Arkansas' first two medical marijuana retailers sold more than 13 pounds of the drug during the first weekend of sales, according to data reported to state regulators.
As of 1 p.m. Monday, the two Hot Springs dispensaries -- Green Springs Medical and Doctor's Orders RX -- had sold 13.76 pounds of dried cannabis flower, according to figures reported to the Arkansas Department of Finance and Administration.
Both companies have publicized prices of $15 per gram, meaning the first three days of sales exceeded $93,000.
Doctor's Order made the first sale in Arkansas on Friday afternoon; Green Springs Medical made its first sale on Sunday. The average transaction amount was $79.62, according to the Finance Department data. Green Springs Medical had said it would sell the drug at $395 an ounce, but also limited the amount sold to no more than a half-ounce. It sold those quantities at $15 per gram.
Because of limitations of software, the state doesn't know how many patients made purchases, said Scott Hardin, a spokesman for the finance department.
About 200 people waited in line at Doctor's Orders RX on Saturday morning, the first full day of sales, and lines -- though much shorter -- continued on Sunday and Monday at both dispensaries, patients and spokesmen for the companies said.
Jacqueline Petty, 43, of Harrison made the three-and-a-half-hour drive to Hot Springs on Sunday to visit Green Springs Medical, where she said the line moved efficiently.
"They were all so nice," she said. "They gave us water and helped pick which strain would help us the most. I was very impressed."
Friday marked the official debut of Arkansas medical marijuana program, the 33rd in the U.S. It came two and a half years after Arkansans voted to legalize the drug, approving Amendment 98 to the Arkansas Constitution in 2016.
Patients or their registered caregivers can buy medical marijuana if a doctor has certified that the patients suffer from one of 18 qualifying conditions. As of Friday, the Arkansas Department of Health had issued 11,739 medical marijuana registry ID cards.
Regulatory snags and court challenges delayed cultivation businesses getting off the ground and the opening of the first dispensary. Once mature, Arkansas' medical cannabis market will include 32 dispensaries across the state and five cultivation facilities.
Currently, only the two Garland County dispensaries have passed the Alcoholic Beverage Control's final inspection, which permits a retailer to open for business. Hardin said Monday that no other dispensaries had requested final inspections.
Doctor's Orders in its application for a dispensary license estimated that it's business startup costs would exceed $1.2 million. Green Springs Medical estimated it's startup costs -- including the first 90 days of operations -- to be about $185,000.
Bold Team of Cotton Plant is the only licensed cultivator in the state to have harvested and process cannabis. Natural State Medicinals Cultivation of White Hall and Osage Creek Cultivation of Berryville are expected to harvest in the coming weeks. The final two growers -- Delta Medical Cannabis Co. and Natural State Wellness Enterprises both of Newport -- are still building out their growing facilities.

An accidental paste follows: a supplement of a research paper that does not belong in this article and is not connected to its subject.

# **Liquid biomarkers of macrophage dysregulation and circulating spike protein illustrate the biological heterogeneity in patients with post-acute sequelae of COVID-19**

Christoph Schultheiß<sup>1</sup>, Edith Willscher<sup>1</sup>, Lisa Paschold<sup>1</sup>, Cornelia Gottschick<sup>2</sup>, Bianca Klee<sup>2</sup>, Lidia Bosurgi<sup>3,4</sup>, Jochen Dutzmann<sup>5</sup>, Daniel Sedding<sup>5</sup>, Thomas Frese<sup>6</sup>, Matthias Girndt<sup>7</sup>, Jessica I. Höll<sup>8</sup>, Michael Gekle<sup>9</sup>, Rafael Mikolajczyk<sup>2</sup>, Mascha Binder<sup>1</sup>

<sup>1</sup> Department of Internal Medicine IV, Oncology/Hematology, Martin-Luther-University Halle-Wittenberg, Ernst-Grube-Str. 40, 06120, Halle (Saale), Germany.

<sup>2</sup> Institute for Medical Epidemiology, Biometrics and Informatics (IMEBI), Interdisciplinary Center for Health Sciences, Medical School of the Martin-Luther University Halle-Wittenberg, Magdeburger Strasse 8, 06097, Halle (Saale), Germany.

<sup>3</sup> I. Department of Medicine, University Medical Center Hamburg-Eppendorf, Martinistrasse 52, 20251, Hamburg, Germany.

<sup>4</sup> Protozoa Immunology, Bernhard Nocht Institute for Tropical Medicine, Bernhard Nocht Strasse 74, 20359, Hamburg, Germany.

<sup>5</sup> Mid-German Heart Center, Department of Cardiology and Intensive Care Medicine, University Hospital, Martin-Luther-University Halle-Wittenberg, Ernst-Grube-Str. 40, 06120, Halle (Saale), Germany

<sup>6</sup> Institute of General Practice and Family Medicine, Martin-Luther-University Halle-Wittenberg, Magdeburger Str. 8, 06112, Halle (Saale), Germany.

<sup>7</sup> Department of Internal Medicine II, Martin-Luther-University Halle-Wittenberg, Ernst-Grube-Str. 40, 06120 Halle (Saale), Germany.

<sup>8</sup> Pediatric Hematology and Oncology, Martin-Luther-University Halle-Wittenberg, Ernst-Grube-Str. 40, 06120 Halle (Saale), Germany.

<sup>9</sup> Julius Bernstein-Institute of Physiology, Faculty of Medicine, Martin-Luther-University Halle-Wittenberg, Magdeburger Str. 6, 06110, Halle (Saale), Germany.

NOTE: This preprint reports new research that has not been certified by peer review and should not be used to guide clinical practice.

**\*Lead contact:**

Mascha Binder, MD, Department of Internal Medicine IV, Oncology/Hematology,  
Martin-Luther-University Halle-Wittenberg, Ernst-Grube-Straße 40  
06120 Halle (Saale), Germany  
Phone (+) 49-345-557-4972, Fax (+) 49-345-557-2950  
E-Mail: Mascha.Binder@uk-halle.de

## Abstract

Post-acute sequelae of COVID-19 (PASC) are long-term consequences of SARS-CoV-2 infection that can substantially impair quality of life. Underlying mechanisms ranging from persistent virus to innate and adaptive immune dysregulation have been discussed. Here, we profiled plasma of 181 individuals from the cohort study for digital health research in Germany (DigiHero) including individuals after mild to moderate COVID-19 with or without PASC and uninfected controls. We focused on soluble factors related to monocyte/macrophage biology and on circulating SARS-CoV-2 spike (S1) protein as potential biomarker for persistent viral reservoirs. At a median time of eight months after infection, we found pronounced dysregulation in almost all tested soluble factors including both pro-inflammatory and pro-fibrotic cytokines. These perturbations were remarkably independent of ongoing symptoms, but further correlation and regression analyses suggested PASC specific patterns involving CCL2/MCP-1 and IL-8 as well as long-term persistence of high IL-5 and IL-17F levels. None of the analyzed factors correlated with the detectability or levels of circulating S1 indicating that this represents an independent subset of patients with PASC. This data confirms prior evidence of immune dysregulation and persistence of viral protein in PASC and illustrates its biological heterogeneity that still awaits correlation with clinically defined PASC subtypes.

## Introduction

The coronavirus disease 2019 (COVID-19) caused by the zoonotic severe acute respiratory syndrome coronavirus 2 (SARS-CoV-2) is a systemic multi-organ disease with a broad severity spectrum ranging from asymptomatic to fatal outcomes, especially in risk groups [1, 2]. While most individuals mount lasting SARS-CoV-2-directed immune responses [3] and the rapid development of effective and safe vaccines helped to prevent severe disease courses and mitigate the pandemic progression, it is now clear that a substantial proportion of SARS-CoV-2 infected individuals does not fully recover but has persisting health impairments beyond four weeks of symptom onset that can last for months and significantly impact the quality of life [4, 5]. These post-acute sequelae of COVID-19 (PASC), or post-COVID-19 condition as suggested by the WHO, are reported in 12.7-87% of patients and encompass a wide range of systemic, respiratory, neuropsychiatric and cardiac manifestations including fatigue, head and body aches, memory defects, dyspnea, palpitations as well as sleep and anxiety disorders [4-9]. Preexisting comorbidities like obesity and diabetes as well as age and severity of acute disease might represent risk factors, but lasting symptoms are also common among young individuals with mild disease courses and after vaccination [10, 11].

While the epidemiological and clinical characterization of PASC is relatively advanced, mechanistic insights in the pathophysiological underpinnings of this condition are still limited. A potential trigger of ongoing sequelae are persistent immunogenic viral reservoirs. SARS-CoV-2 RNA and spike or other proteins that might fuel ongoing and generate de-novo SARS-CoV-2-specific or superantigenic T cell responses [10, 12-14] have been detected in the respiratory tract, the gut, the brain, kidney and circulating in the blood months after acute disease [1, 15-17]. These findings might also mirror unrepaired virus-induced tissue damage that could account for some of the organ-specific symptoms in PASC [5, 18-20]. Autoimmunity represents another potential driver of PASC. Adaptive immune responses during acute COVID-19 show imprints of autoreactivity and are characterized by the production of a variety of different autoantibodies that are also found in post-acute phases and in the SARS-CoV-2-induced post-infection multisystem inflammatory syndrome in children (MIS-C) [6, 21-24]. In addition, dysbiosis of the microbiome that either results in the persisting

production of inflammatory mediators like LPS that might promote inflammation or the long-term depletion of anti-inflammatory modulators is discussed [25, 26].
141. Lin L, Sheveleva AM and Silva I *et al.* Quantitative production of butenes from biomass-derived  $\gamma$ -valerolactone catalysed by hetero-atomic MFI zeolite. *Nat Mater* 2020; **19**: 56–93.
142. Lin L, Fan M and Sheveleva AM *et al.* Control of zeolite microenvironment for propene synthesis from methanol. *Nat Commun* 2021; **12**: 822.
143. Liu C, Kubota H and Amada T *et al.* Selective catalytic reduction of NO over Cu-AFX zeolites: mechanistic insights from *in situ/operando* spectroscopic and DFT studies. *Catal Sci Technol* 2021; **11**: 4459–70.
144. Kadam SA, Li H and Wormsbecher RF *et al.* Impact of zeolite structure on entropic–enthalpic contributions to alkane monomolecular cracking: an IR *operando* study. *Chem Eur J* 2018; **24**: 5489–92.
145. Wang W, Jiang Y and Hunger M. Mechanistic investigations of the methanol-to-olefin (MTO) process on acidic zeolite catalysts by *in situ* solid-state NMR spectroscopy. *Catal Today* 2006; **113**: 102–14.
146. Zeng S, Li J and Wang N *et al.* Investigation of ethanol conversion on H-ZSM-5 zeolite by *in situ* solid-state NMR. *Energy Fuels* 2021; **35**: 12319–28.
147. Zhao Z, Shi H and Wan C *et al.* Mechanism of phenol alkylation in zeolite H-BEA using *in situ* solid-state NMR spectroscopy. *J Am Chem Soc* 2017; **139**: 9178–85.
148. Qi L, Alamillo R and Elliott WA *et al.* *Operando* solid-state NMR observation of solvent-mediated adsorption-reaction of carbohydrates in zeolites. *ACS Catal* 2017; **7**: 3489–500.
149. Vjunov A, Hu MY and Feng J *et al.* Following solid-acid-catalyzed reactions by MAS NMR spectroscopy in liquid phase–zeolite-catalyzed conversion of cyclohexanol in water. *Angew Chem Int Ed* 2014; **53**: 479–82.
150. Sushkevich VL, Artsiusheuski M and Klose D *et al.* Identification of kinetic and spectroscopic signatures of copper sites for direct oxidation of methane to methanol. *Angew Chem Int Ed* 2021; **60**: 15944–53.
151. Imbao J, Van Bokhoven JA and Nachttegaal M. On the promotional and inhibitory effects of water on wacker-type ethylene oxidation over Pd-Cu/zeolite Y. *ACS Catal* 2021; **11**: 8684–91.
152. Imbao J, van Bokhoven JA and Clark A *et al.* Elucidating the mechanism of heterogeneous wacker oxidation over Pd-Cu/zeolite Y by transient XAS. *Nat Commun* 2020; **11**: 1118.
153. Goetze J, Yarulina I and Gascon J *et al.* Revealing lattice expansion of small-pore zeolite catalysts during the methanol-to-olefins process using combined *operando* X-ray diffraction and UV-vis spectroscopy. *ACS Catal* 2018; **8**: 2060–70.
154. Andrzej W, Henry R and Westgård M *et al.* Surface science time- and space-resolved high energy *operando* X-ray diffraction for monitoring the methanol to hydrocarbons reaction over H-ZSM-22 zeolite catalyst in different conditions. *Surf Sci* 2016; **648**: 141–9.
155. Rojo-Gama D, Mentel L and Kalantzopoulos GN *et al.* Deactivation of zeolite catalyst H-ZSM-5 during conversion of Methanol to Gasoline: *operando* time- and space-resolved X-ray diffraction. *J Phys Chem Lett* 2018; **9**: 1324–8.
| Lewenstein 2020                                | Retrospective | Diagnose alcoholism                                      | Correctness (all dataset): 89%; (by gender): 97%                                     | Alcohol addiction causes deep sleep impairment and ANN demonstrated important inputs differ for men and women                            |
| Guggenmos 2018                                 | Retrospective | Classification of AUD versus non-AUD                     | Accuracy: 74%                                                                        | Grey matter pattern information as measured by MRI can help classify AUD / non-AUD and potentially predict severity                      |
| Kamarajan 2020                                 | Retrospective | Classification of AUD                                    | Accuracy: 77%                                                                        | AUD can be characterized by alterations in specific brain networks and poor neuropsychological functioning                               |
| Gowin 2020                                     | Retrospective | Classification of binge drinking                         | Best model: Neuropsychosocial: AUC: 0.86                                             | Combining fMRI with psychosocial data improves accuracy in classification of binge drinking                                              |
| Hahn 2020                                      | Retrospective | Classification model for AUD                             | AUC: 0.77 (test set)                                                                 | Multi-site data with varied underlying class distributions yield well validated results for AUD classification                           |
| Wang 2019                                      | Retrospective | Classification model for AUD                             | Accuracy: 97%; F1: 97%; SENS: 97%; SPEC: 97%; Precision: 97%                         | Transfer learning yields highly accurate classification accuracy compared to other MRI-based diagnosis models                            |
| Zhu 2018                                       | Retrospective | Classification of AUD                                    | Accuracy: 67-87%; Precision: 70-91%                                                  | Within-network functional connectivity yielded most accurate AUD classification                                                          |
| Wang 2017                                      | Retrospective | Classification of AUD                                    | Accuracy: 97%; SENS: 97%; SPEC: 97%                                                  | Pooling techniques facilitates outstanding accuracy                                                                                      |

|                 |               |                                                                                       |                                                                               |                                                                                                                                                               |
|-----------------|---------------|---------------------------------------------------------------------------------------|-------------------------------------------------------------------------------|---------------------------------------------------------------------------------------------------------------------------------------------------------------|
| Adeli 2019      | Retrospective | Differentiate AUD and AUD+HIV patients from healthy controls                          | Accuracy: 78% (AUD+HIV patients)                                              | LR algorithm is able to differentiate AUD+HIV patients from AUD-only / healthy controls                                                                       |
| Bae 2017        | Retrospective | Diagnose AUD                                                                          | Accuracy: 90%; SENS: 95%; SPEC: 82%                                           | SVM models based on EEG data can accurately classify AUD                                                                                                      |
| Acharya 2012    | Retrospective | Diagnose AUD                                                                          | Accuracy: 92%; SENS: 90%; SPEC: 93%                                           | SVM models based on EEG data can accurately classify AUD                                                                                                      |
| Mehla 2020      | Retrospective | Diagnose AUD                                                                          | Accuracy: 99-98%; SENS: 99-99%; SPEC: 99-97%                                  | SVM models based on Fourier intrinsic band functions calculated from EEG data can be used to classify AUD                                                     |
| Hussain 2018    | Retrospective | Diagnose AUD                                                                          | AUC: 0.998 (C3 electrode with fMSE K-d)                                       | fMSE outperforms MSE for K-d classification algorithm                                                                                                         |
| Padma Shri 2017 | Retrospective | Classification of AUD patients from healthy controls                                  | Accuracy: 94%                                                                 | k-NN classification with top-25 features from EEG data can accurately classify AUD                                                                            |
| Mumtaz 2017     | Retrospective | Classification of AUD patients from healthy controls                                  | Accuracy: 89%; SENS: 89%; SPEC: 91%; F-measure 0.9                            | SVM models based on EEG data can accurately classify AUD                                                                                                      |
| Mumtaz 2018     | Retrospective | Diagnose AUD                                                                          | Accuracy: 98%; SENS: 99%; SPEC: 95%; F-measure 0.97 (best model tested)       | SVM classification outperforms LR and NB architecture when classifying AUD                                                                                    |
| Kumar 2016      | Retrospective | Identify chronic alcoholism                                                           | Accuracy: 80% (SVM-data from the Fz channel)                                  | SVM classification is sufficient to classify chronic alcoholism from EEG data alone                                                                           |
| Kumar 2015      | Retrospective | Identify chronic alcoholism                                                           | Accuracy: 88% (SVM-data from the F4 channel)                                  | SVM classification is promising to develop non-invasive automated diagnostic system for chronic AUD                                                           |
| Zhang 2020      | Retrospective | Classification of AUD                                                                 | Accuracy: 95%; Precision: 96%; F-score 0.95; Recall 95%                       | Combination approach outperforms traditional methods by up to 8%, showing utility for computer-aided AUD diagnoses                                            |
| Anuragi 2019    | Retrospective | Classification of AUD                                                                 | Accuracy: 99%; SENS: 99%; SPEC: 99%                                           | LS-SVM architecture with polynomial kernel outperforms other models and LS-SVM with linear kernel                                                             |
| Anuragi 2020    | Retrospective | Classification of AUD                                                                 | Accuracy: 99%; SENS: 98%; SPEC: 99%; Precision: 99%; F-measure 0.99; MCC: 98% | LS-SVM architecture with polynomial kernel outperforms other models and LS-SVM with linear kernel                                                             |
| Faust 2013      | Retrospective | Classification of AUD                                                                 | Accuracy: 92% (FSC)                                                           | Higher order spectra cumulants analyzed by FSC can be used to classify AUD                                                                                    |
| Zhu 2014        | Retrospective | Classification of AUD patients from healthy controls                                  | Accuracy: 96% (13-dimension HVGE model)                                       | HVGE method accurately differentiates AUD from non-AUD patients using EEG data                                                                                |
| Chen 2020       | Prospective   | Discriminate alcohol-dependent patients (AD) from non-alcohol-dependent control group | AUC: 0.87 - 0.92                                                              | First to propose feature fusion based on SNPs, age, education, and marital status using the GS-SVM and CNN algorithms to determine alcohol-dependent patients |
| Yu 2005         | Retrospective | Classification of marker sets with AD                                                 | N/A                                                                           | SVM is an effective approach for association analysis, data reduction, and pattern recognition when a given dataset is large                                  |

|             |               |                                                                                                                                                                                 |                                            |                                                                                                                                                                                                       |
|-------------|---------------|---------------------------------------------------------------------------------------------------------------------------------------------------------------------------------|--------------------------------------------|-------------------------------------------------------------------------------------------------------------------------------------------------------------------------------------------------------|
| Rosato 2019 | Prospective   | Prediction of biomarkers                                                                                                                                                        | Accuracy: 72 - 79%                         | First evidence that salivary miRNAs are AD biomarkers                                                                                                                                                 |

The price of the drug is higher here than in other states where it's been legalized for longer. In Oklahoma and Arizona, for example, it can be purchased for about $10 per gram.
Arkansas police said the drug can be purchased illegally off the street for $4 per gram or less, but they noted that there's no guarantee that marijuana off the black market has been tested for quality and harmful chemicals like products regulated by the state.
Medical marijuana markets in other states watched prices drop once supply of the drug started to match demand.
Heather Outler, 26, of Royal said she purchased two grams of cannabis from Green Springs Medical on Monday because she lives on a fixed income. After tax, she said each gram was about $17. In addition to sales tax, the state imposes a 4 percent privilege tax on medical marijuana.
Outler said that dispensary officials told her that they expect the per gram price to drop to around $10 after more harvests and cultivators enter the market.
Outler, who uses cannabis to treat fibromyalgia and post-traumatic stress disorder, said that two grams of the drug would only last her a day or two.
"They don't have any options for low-income people," she said, noting that dispensaries are bound by the price cultivators charge.
Petty, who has several autoimmune diseases and anxiety, purchased a half ounce of cannabis from Green Springs on Sunday for about $213 before tax, she said. She recently quit using opioids to treat her pain, which she said drastically improved her quality of life.
She smoked the first portion of medical cannabis on Sunday night.
"Last night was the best night of sleep I've had in six months," she said on Monday.
Through the first three days of sales, the state-mandated "seed-to-sale" tracking software was greatest source of delays at the two dispensaries. The tracking software allows state watchdogs to ensure that no patient purchases more than 2.5 ounces of medical marijuana every two weeks, as required by state law.
Hardin said some of the software issues have been caused by mix-ups with patients' registry ID cards. The state Health Department initially began issuing the cards, which expire after one year unless otherwise specified, in February. But since the first dispensary didn't open until Friday, the agency decided to issue new cards so that patients could use them for the entire term they were intended.
Hardin said the software didn't recognize the original registry cards if patients had been issued a subsequent ID by the Health Department.
Local on 05/14/2019